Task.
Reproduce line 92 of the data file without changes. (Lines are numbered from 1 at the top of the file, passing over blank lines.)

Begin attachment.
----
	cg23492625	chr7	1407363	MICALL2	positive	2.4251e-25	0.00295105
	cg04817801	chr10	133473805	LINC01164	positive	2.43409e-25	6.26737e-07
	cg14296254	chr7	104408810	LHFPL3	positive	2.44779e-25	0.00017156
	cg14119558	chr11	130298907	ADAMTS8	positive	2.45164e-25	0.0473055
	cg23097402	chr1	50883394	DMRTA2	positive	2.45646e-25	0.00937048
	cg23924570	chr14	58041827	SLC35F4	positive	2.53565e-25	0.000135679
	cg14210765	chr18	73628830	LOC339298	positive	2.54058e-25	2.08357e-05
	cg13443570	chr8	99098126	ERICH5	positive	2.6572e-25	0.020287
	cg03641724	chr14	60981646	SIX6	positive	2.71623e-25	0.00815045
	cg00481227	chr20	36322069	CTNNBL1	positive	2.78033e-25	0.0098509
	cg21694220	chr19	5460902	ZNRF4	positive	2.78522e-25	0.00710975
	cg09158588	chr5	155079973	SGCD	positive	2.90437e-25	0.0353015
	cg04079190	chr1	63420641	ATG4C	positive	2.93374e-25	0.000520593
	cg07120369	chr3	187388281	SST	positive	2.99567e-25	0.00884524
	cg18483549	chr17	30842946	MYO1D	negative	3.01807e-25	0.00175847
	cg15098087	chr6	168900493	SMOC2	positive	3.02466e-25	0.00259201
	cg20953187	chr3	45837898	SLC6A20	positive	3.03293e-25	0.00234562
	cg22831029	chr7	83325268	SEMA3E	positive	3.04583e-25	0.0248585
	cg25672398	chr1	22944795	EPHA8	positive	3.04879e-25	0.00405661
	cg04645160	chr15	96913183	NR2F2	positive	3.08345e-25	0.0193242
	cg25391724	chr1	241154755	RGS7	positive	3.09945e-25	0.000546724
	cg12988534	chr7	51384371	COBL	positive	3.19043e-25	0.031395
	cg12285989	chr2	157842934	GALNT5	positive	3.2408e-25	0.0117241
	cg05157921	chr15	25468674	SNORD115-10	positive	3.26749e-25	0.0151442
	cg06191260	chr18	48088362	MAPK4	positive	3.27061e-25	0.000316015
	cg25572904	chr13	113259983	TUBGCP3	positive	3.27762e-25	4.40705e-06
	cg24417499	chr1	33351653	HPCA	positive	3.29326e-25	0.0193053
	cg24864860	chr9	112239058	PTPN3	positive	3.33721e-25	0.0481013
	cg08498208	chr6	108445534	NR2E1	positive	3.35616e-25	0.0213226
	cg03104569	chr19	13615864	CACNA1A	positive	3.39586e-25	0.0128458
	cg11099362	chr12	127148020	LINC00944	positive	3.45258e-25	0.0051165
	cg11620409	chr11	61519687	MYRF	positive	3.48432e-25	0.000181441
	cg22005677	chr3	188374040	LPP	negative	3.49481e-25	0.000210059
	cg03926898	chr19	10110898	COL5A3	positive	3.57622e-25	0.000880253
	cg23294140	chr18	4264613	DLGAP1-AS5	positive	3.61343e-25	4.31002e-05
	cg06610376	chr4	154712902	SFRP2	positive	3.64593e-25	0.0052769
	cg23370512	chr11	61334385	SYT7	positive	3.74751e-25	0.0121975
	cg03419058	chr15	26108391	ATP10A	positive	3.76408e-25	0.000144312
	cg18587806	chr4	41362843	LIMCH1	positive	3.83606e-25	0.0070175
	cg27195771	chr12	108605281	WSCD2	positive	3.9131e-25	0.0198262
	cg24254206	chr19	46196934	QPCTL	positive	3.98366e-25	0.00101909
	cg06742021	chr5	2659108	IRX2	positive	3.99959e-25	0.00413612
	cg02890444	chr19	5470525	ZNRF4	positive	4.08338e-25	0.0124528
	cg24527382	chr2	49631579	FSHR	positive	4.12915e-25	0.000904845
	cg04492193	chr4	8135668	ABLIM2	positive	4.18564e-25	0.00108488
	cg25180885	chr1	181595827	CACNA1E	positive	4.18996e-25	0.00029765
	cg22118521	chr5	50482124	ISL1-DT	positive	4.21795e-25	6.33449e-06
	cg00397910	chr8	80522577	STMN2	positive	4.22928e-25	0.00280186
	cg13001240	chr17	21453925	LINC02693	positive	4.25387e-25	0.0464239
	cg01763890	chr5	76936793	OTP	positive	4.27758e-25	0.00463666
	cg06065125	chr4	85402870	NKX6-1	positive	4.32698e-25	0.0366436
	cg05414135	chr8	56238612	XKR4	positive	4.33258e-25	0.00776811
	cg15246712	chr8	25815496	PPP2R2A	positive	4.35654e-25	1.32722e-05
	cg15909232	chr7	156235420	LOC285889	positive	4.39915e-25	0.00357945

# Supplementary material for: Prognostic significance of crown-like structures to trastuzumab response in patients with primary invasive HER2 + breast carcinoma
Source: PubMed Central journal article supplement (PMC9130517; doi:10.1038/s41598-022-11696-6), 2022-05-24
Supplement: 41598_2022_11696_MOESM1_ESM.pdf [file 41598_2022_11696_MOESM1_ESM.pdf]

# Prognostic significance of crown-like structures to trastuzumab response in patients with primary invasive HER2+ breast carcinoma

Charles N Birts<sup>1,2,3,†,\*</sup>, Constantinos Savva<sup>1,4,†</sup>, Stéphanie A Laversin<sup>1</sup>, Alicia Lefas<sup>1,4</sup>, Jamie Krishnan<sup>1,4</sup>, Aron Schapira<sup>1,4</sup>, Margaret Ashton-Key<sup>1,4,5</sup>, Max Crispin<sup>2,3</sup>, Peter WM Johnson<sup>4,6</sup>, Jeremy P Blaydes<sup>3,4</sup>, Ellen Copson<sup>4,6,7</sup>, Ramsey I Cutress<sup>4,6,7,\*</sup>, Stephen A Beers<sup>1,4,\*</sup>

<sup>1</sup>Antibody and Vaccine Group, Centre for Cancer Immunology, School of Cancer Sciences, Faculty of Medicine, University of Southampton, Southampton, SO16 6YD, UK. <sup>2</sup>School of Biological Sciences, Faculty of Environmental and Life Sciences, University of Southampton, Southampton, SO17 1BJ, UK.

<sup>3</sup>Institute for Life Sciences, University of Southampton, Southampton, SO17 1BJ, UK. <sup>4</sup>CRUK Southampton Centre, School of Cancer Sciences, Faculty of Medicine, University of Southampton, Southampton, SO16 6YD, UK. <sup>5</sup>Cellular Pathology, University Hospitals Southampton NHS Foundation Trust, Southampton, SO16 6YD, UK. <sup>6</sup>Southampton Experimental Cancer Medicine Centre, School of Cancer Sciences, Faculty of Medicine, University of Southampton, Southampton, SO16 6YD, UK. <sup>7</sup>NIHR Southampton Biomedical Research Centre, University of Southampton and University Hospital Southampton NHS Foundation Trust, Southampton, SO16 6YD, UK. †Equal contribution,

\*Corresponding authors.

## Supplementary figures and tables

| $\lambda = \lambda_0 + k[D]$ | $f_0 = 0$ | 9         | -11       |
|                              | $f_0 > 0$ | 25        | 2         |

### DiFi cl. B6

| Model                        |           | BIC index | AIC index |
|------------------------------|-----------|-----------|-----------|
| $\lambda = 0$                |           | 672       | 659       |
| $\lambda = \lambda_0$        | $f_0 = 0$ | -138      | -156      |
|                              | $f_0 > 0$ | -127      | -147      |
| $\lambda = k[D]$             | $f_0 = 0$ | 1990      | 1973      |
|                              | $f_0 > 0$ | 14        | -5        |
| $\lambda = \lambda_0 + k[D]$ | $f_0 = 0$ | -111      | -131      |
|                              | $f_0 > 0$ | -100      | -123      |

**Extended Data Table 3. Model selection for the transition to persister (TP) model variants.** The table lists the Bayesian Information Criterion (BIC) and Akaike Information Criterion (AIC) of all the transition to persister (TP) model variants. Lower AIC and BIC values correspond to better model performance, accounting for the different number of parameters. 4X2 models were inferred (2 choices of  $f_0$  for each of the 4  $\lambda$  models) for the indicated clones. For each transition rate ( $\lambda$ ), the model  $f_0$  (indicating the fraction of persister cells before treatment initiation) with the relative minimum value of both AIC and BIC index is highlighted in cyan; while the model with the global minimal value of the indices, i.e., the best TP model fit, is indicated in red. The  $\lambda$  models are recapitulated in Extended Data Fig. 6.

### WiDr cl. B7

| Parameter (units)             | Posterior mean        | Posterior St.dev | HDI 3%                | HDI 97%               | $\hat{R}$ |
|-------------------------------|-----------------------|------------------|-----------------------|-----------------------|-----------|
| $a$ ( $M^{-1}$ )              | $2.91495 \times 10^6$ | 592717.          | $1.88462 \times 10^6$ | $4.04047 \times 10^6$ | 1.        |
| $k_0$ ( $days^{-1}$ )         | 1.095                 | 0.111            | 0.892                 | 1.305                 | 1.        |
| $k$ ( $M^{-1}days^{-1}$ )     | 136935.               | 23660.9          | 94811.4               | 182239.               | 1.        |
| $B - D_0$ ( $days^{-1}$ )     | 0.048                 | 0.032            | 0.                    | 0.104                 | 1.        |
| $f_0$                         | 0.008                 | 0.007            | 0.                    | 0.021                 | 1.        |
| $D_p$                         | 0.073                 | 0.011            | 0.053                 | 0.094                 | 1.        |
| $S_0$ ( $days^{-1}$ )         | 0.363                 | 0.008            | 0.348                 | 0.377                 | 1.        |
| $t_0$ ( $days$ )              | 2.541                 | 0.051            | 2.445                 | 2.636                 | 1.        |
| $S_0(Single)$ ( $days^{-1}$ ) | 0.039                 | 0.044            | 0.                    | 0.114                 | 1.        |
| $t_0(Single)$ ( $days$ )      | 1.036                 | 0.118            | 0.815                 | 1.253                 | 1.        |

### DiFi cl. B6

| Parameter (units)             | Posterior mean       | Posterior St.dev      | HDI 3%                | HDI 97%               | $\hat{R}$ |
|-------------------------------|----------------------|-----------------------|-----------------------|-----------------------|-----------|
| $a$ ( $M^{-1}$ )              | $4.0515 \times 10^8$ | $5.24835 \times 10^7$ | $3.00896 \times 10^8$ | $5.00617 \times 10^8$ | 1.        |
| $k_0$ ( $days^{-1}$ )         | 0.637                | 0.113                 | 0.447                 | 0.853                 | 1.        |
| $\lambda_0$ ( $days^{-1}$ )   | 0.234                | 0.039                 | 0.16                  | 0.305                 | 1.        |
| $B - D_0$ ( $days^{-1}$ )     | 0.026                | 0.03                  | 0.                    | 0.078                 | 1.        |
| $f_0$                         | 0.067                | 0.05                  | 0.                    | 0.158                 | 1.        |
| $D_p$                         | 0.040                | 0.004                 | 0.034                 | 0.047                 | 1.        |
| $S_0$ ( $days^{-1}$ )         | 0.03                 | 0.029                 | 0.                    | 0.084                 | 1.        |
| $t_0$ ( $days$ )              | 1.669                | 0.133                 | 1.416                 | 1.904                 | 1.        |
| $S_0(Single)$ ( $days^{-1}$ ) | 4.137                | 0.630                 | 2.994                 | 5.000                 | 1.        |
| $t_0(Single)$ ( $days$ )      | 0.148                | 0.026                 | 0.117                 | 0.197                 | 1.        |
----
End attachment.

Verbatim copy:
|-------------------------------|----------------------|-----------------------|-----------------------|-----------------------|-----------|